SEATTLE — A near-capacity crowd at Key Arena greeted headliners Incubus Friday night with open arms and open eyes — and deafening, wall-vibrating screams. Thousands of hollering fans — many encased in freshly purchased T-shirts from the merch tables — couldn't be wrong: After more than a decade in the business, and years of touring far smaller venues with middling success, the band from sleepy Calabasas, California, has most definitely arrived.

But before they took to the stage, their So-Cal neighbors, Hoobastank, warmed up the Key with a thunderous half-hour set. The foursome had no problem filling up the arena with their crunchy, Faith No More-esque riffage, and frontman Douglas Robb worked the room like a nü-metal Wayne Newton, constantly hyping the crowd and calling back all the way to the cheap seats. Hard-driving numbers such as "Running Away" and "Hello Again" got the mosh pit moving, and their hit "Crawling in the Dark" nearly sent them over the edge, as Robb let it rip in full rock star stance.

With a half-hour to wait between sets, dozens filed out to eat and socialize (and possibly buy more T-shirts) in the venue's outer halls, while a pre-recorded program called "Between the Acts," featuring new music from the likes of up-and-comers Audiovent (see "Lil' Incubus? Audiovent's Boyd, Einziger Say No") and Rival Schools, played over the loudspeakers. Finally, just after 9 p.m., it was time: The girls in their belly shirts and the boys in their big jeans trembled alike with anticipation as the opening chords of "Circles" filled the arena.

Surrounded by a semi-circular ramp pitched at a 45-degree angle, the band appeared as relaxed and at ease as if it were playing a friend's backyard barbecue, with frontman Brandon Boyd Sunday-afternoon casual in skater shorts, tee and open button-down. As the band segued into "Stellar," a mid-tempo number off 1999's Make Yourself, the screen behind the group pulsed with gently undulating jellyfish, surrounded by a thousand twinkly points of light. The next song hearkened back to 1997's far more funky, slap-bassy S.C.I.E.N.C.E. sound, all Primus and Phish, and though the crowd moved along, it seemed happiest with a return to Incubus version 2.0, as Boyd broke out to dedicate "Wish You Were Here" to "our friend Joshua."

As dozens surged toward the stage, the lead singer's power over the crowd was obvious — though with such lyrics as "I suggest we learn to love each other before it's made illegal" and "Floating in this cosmic Jacuzzi/ We are like frogs oblivious to the water starting to boil" (from "Warning," which followed), it's fairly obvious Boyd's taking the much-maligned nü-metal genre in a different direction than Fred "Break Stuff" Durst and his allies. In keeping with the mellowing mood, stagehands soon brought out an entire living room set, complete with couches, comfy cushions and lamp, as Boyd and Mike Einziger settled in for several acoustic numbers, including the mournful "Mexico" and the usually rocking "Pardon Me" stripped down to its barest elements.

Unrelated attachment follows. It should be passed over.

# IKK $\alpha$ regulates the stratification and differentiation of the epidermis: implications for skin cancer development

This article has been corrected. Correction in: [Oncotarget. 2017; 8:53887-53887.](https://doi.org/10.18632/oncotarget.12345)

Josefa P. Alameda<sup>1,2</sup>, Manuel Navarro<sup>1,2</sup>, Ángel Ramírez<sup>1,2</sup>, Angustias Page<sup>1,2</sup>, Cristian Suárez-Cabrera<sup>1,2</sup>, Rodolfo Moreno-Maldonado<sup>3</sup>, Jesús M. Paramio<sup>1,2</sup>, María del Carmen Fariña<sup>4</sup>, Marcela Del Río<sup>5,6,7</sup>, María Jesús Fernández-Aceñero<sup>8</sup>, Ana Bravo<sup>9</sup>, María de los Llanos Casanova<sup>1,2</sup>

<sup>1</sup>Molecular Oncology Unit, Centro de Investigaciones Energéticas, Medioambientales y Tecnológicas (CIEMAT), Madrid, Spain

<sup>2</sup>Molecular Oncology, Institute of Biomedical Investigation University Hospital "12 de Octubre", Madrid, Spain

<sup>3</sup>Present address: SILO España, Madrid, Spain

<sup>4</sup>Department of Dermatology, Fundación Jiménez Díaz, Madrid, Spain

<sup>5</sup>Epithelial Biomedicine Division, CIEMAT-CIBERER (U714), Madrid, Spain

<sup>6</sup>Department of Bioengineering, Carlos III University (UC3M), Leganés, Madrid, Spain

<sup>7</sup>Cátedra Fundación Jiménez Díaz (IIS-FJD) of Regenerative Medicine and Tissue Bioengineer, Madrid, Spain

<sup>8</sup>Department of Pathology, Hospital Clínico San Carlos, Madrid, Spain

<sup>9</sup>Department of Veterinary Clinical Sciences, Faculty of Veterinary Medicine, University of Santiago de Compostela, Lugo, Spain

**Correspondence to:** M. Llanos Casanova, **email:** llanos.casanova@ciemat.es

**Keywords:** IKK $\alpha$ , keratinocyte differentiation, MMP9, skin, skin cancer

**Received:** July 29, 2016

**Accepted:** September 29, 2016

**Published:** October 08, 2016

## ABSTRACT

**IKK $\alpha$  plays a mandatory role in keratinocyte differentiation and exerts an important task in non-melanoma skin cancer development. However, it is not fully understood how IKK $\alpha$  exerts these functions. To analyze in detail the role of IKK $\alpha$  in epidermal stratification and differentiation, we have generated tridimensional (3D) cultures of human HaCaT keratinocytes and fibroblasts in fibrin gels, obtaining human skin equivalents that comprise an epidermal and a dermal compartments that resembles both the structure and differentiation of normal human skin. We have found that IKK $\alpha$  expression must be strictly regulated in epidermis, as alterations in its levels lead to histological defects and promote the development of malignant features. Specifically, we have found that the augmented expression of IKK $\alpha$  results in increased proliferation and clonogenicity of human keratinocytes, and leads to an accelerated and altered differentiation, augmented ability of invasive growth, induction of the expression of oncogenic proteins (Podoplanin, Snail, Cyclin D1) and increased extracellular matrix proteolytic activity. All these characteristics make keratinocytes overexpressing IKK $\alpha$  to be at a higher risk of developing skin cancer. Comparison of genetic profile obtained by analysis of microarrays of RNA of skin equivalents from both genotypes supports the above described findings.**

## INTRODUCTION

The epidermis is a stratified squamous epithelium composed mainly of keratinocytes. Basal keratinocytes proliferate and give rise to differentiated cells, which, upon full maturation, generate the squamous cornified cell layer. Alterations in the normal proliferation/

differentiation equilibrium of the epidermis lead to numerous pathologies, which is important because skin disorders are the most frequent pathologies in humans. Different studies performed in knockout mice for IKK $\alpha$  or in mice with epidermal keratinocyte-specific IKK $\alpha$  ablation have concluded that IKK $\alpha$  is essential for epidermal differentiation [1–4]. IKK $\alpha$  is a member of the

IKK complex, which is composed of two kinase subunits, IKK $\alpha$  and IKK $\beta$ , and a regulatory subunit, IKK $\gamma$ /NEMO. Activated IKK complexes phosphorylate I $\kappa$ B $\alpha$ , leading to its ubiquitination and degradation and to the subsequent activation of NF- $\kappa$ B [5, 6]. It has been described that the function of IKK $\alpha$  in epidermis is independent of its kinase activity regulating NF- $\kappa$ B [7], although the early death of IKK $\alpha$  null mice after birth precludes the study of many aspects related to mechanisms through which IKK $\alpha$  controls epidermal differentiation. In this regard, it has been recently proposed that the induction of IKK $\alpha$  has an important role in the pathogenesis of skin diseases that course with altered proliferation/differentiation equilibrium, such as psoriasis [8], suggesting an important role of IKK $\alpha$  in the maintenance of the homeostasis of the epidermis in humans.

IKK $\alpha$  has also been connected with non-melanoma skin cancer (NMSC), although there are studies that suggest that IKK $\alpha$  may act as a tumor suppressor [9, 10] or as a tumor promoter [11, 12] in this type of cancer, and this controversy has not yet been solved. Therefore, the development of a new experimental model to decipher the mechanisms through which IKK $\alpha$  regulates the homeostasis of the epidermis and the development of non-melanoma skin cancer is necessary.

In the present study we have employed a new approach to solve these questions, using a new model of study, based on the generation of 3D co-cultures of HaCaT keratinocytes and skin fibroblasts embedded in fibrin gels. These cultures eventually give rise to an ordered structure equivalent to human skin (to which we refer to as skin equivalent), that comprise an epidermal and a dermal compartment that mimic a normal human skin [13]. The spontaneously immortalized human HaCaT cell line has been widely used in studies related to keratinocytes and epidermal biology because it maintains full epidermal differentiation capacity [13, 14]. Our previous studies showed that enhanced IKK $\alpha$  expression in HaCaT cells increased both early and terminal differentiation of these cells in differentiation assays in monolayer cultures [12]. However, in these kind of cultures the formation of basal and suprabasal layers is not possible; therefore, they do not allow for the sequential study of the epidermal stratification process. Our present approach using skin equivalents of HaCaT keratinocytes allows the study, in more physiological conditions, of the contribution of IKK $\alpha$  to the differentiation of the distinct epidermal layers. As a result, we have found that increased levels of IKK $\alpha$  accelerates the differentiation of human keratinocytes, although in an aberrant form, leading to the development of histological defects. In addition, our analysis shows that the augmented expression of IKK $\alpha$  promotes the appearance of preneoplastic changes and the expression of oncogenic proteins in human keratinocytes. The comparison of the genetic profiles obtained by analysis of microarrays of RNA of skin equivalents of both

Looking suitably hunky yet sensitive, Boyd finally addressed the room, acknowledging with a laugh the crowd's screams, accompanied by a distinctly herbal smell floating in the air: "We're really not that good. It's because of the weed!" Then, to the near seizure-inducing joy of a thousand young girls, the shirt came off, and Boyd grabbed a drum for a funked-up, topless "Vitamin."

Finally, it was time for The Huge Hit, and "Drive" filled the stadium as the entire audience sang along. The band exited in old school style with "A Certain Shade of Green" from 1997's S.C.I.E.N.C.E., though an encore seemed guaranteed.

Indeed Incubus delivered, returning for three numbers, including the spacy, Middle Eastern-inspired "Aqueous Transmission," which Boyd prefaced by saying, "We think music is about taking chances, trying new things, so here we go; this stuff is maybe kind of weird." Its "I Dream of Jeannie" charms worked just fine on the audience, which looked thrilled just to see the guys back on the stage.

Filing out into the night, a crowd sated on nearly two-and-a-half hours of music seemed nothing if not satisfied. On Morning View, the band asks, "Are You In?" The answer, it seems, for the thousands who filled the arena and the countless others sure to fill venues across the country as the tour continues, is a resounding Yes.